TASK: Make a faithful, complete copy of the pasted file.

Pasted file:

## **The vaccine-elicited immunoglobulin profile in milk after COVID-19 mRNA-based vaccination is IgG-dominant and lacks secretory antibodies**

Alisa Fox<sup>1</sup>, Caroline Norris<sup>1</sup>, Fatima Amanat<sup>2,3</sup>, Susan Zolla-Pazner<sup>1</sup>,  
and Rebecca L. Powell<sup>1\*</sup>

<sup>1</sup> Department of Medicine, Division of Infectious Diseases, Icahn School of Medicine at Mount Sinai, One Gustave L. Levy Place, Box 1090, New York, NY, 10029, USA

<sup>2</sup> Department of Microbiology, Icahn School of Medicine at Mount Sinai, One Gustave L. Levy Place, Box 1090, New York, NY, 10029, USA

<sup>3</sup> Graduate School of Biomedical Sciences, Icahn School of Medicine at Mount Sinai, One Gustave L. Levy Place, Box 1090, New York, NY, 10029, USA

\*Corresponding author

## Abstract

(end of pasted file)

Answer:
## **The vaccine-elicited immunoglobulin profile in milk after COVID-19 mRNA-based vaccination is IgG-dominant and lacks secretory antibodies**

Alisa Fox<sup>1</sup>, Caroline Norris<sup>1</sup>, Fatima Amanat<sup>2,3</sup>, Susan Zolla-Pazner<sup>1</sup>,  
and Rebecca L. Powell<sup>1\*</sup>

<sup>1</sup> Department of Medicine, Division of Infectious Diseases, Icahn School of Medicine at Mount Sinai, One Gustave L. Levy Place, Box 1090, New York, NY, 10029, USA

<sup>2</sup> Department of Microbiology, Icahn School of Medicine at Mount Sinai, One Gustave L. Levy Place, Box 1090, New York, NY, 10029, USA

<sup>3</sup> Graduate School of Biomedical Sciences, Icahn School of Medicine at Mount Sinai, One Gustave L. Levy Place, Box 1090, New York, NY, 10029, USA

\*Corresponding author

## Abstract